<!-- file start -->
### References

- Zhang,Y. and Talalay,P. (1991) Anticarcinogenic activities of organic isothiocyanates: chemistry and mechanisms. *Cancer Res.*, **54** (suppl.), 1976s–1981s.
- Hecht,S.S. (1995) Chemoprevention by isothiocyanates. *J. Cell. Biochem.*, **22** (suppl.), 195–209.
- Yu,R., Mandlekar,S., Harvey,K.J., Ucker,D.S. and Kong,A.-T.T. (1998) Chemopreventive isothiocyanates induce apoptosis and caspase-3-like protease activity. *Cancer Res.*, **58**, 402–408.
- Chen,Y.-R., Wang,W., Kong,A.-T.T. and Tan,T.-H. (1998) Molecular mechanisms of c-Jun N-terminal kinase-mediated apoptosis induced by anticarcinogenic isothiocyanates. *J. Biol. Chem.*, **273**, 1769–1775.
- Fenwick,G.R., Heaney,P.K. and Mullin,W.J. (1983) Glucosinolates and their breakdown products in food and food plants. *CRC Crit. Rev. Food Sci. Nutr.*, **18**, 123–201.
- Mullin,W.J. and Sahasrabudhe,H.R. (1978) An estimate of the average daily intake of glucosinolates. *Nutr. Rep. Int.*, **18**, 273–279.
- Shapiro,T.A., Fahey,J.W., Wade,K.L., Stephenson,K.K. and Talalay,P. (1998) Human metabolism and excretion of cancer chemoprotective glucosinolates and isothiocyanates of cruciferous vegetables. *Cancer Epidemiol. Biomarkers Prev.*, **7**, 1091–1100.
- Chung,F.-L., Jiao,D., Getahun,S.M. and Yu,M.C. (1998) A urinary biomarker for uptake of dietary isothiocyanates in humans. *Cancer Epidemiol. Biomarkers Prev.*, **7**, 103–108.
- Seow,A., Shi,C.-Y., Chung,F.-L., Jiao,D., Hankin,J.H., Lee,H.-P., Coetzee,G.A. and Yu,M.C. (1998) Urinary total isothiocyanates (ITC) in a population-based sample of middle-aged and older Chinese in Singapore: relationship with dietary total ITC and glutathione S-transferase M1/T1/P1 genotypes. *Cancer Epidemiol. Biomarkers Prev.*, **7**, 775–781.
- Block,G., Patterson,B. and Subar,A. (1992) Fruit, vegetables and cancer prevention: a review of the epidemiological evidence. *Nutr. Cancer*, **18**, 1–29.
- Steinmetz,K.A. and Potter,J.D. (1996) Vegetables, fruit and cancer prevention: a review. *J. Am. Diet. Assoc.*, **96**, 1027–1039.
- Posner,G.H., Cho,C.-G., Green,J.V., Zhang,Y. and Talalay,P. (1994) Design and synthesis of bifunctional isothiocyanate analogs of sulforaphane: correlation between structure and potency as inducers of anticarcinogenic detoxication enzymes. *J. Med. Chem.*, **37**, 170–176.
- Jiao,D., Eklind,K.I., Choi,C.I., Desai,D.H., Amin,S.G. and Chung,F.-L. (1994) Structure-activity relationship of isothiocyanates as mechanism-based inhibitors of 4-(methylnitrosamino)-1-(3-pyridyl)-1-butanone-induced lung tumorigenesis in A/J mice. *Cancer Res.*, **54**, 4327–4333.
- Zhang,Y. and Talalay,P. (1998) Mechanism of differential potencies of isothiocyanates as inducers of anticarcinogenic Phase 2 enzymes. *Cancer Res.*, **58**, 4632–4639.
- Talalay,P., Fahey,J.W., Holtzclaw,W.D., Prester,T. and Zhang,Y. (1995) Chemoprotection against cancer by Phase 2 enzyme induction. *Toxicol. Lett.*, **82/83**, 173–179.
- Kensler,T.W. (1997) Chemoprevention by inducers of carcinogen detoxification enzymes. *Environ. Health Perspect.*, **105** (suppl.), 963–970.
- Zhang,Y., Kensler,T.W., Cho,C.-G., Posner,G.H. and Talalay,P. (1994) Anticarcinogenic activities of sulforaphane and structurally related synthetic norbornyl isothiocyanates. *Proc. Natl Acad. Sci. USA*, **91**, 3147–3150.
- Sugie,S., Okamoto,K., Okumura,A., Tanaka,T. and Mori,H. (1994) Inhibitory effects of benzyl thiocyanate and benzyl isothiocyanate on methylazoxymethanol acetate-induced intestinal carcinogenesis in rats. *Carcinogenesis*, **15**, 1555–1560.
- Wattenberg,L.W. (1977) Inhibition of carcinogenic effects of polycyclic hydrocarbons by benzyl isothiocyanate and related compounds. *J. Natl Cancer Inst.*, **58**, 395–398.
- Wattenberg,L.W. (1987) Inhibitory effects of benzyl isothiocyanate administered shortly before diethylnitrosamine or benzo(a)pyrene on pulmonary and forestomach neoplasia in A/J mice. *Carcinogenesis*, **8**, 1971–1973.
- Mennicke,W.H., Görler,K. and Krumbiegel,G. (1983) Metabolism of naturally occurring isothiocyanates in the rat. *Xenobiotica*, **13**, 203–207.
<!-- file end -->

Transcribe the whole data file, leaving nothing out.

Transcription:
### References

- Zhang,Y. and Talalay,P. (1991) Anticarcinogenic activities of organic isothiocyanates: chemistry and mechanisms. *Cancer Res.*, **54** (suppl.), 1976s–1981s.
- Hecht,S.S. (1995) Chemoprevention by isothiocyanates. *J. Cell. Biochem.*, **22** (suppl.), 195–209.
- Yu,R., Mandlekar,S., Harvey,K.J., Ucker,D.S. and Kong,A.-T.T. (1998) Chemopreventive isothiocyanates induce apoptosis and caspase-3-like protease activity. *Cancer Res.*, **58**, 402–408.
- Chen,Y.-R., Wang,W., Kong,A.-T.T. and Tan,T.-H. (1998) Molecular mechanisms of c-Jun N-terminal kinase-mediated apoptosis induced by anticarcinogenic isothiocyanates. *J. Biol. Chem.*, **273**, 1769–1775.
- Fenwick,G.R., Heaney,P.K. and Mullin,W.J. (1983) Glucosinolates and their breakdown products in food and food plants. *CRC Crit. Rev. Food Sci. Nutr.*, **18**, 123–201.
- Mullin,W.J. and Sahasrabudhe,H.R. (1978) An estimate of the average daily intake of glucosinolates. *Nutr. Rep. Int.*, **18**, 273–279.
- Shapiro,T.A., Fahey,J.W., Wade,K.L., Stephenson,K.K. and Talalay,P. (1998) Human metabolism and excretion of cancer chemoprotective glucosinolates and isothiocyanates of cruciferous vegetables. *Cancer Epidemiol. Biomarkers Prev.*, **7**, 1091–1100.
- Chung,F.-L., Jiao,D., Getahun,S.M. and Yu,M.C. (1998) A urinary biomarker for uptake of dietary isothiocyanates in humans. *Cancer Epidemiol. Biomarkers Prev.*, **7**, 103–108.
- Seow,A., Shi,C.-Y., Chung,F.-L., Jiao,D., Hankin,J.H., Lee,H.-P., Coetzee,G.A. and Yu,M.C. (1998) Urinary total isothiocyanates (ITC) in a population-based sample of middle-aged and older Chinese in Singapore: relationship with dietary total ITC and glutathione S-transferase M1/T1/P1 genotypes. *Cancer Epidemiol. Biomarkers Prev.*, **7**, 775–781.
- Block,G., Patterson,B. and Subar,A. (1992) Fruit, vegetables and cancer prevention: a review of the epidemiological evidence. *Nutr. Cancer*, **18**, 1–29.
- Steinmetz,K.A. and Potter,J.D. (1996) Vegetables, fruit and cancer prevention: a review. *J. Am. Diet. Assoc.*, **96**, 1027–1039.
- Posner,G.H., Cho,C.-G., Green,J.V., Zhang,Y. and Talalay,P. (1994) Design and synthesis of bifunctional isothiocyanate analogs of sulforaphane: correlation between structure and potency as inducers of anticarcinogenic detoxication enzymes. *J. Med. Chem.*, **37**, 170–176.
- Jiao,D., Eklind,K.I., Choi,C.I., Desai,D.H., Amin,S.G. and Chung,F.-L. (1994) Structure-activity relationship of isothiocyanates as mechanism-based inhibitors of 4-(methylnitrosamino)-1-(3-pyridyl)-1-butanone-induced lung tumorigenesis in A/J mice. *Cancer Res.*, **54**, 4327–4333.
- Zhang,Y. and Talalay,P. (1998) Mechanism of differential potencies of isothiocyanates as inducers of anticarcinogenic Phase 2 enzymes. *Cancer Res.*, **58**, 4632–4639.
- Talalay,P., Fahey,J.W., Holtzclaw,W.D., Prester,T. and Zhang,Y. (1995) Chemoprotection against cancer by Phase 2 enzyme induction. *Toxicol. Lett.*, **82/83**, 173–179.
- Kensler,T.W. (1997) Chemoprevention by inducers of carcinogen detoxification enzymes. *Environ. Health Perspect.*, **105** (suppl.), 963–970.
- Zhang,Y., Kensler,T.W., Cho,C.-G., Posner,G.H. and Talalay,P. (1994) Anticarcinogenic activities of sulforaphane and structurally related synthetic norbornyl isothiocyanates. *Proc. Natl Acad. Sci. USA*, **91**, 3147–3150.
- Sugie,S., Okamoto,K., Okumura,A., Tanaka,T. and Mori,H. (1994) Inhibitory effects of benzyl thiocyanate and benzyl isothiocyanate on methylazoxymethanol acetate-induced intestinal carcinogenesis in rats. *Carcinogenesis*, **15**, 1555–1560.
- Wattenberg,L.W. (1977) Inhibition of carcinogenic effects of polycyclic hydrocarbons by benzyl isothiocyanate and related compounds. *J. Natl Cancer Inst.*, **58**, 395–398.
- Wattenberg,L.W. (1987) Inhibitory effects of benzyl isothiocyanate administered shortly before diethylnitrosamine or benzo(a)pyrene on pulmonary and forestomach neoplasia in A/J mice. *Carcinogenesis*, **8**, 1971–1973.
- Mennicke,W.H., Görler,K. and Krumbiegel,G. (1983) Metabolism of naturally occurring isothiocyanates in the rat. *Xenobiotica*, **13**, 203–207.